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LONDON (Reuters) - European shares were trading higher late Thursday morning, with opening losses reversed on talk the Greek government might collapse, meaning there might be no referendum on its bailout and easing concerns about an imminent default.
The pan-European FTSEurofirst 300 .FTEU3 index of top shares was up 1.2 percent at 983.25 points at 1021 GMT (6:21 a.m. EDT), having bounced from a low at 956.24.
The bank sector .SX7P, the main focus earlier due to its sovereign debt exposure, was up 1.5 percent, while a Greek bank index .FTATBNK jumped 6.6 percent.
"People are thinking Greek Prime Minister George Papandreou's government falls and therefore the referendum is postponed. But it is obviously wishful thinking because it does not fix any issues," said a trader at a European investment bank.
"The referendum may be postponed, but it would be replaced by a general election, which would be a similar vote. The opposition party does not want to leave (the euro) but ... subject will come up in the general election and the people will be able to vote for someone who wants to leave the euro."
Papandreou will face a confidence vote in parliament on Friday, which could lead to an election if he loses.
The FTSEurofirst 300, up 14.6 percent since September on hopes euro zone leaders were coming together to form a solution to the region's crisis, is down 4.2 percent since Friday when fresh worries about the debt crisis surfaced.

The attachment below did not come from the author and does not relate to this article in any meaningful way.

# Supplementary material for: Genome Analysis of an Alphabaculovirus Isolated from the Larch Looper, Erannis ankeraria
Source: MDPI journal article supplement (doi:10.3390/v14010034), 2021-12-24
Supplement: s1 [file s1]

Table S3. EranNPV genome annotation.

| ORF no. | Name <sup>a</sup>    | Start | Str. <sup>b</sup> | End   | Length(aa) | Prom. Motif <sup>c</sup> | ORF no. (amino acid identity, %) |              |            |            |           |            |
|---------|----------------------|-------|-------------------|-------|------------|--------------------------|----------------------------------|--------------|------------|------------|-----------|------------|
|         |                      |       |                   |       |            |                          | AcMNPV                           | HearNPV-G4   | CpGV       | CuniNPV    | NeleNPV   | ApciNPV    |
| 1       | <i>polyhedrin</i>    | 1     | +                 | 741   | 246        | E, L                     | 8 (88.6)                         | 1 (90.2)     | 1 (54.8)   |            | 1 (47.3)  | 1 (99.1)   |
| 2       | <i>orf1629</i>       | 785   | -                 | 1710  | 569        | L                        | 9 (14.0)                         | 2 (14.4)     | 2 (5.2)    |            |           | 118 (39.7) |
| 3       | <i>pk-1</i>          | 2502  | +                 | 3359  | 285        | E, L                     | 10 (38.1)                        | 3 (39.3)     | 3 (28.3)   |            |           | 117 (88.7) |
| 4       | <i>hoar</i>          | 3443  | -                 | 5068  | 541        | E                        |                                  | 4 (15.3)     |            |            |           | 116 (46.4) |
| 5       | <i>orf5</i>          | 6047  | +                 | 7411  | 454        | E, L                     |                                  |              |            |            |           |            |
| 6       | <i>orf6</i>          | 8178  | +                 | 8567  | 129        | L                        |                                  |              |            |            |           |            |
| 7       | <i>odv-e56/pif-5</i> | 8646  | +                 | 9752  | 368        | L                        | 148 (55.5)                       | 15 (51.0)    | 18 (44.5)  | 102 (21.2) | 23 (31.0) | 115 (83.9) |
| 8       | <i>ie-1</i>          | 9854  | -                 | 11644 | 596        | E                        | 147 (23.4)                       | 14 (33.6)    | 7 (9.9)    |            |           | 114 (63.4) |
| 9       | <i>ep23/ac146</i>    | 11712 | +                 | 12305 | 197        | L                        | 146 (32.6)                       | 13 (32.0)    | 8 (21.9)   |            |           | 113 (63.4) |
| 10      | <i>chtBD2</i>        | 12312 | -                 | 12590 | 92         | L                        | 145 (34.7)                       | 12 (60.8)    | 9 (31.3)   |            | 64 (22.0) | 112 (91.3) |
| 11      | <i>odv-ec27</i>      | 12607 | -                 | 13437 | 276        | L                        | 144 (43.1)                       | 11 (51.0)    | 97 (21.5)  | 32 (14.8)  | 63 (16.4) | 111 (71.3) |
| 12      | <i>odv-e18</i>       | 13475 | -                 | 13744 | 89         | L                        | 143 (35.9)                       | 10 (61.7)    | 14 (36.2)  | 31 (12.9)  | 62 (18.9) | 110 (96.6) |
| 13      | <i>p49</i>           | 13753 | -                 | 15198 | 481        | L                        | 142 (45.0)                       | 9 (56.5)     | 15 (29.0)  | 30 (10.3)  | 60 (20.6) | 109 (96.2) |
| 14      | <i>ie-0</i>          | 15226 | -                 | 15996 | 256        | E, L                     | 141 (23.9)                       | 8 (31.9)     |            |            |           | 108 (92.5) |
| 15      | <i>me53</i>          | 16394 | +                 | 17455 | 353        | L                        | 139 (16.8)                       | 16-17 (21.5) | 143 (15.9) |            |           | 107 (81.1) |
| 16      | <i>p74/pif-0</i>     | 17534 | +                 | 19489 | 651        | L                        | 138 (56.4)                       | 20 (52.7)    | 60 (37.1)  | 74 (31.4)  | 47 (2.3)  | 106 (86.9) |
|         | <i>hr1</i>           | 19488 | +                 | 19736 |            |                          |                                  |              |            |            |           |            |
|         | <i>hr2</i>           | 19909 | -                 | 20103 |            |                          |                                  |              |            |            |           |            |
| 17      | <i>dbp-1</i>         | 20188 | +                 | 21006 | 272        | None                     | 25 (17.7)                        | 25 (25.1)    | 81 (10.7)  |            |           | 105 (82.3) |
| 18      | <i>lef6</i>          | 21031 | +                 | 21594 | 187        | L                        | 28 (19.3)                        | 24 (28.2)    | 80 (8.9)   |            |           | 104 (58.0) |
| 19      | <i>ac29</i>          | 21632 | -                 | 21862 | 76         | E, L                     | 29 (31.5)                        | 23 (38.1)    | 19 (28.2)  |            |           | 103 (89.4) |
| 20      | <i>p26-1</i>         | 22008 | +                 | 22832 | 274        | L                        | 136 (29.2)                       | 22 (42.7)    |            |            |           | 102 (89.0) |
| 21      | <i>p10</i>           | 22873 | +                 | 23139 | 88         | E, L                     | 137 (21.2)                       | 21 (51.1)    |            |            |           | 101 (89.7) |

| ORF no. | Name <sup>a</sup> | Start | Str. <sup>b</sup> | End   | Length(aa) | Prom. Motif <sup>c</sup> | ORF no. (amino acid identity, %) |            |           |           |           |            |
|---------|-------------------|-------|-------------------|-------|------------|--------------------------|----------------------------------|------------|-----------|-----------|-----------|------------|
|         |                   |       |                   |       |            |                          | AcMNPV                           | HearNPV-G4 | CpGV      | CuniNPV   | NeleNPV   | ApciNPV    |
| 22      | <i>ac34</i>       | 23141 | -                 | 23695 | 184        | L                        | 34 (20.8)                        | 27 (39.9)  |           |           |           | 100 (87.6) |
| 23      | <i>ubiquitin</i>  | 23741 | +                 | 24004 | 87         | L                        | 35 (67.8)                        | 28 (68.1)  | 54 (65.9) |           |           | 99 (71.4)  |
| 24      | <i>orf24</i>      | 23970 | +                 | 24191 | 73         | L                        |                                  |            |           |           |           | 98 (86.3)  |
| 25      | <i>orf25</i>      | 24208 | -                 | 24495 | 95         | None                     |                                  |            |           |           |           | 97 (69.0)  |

The Euro STOXX 50 volatility index .V2TX, a key gauge of investor 'fear' in Europe fell 0.8 percent, but is still up 34 percent for the week -- the higher the volatility index, the lower investor appetite for risk.
"We are trying to avoid exposure to domestic Europe. We were concerned about European growth anyway but now it is going to be absolutely dreadful," said Andrea Williams, who manages $2.1 billion in assets for Royal London Asset Management. "We are trying to avoid anything with over exposure to Italy and Spain."
Data from Societe Generale Cross Asset Research team showed global equities saw outflows over the past four weeks, with U.S. and emerging stock markets the most affected while in Europe, net flows reached breakeven.
Earnings news, gave a more mixed picture of the global environment. Steelmaker ArcelorMittal ISPA.AS fell 1.5 percent to feature among the worst performers after it posted third-quarter results below expectations.
Dutch lender ING ING.AS gained 6.4 percent to feature in the best performers list on the FTSEurofirst 300 index after third-quarter results beat market expectations.
Investors will look later at the European Central Bank interest rate policy meeting, with ECB president Mario Draghi expected to it play safe at his first policy meeting rather than ramping up a response to the region's crisis.
Additional reporting by Simon Jessop; Editing by Dan Lalor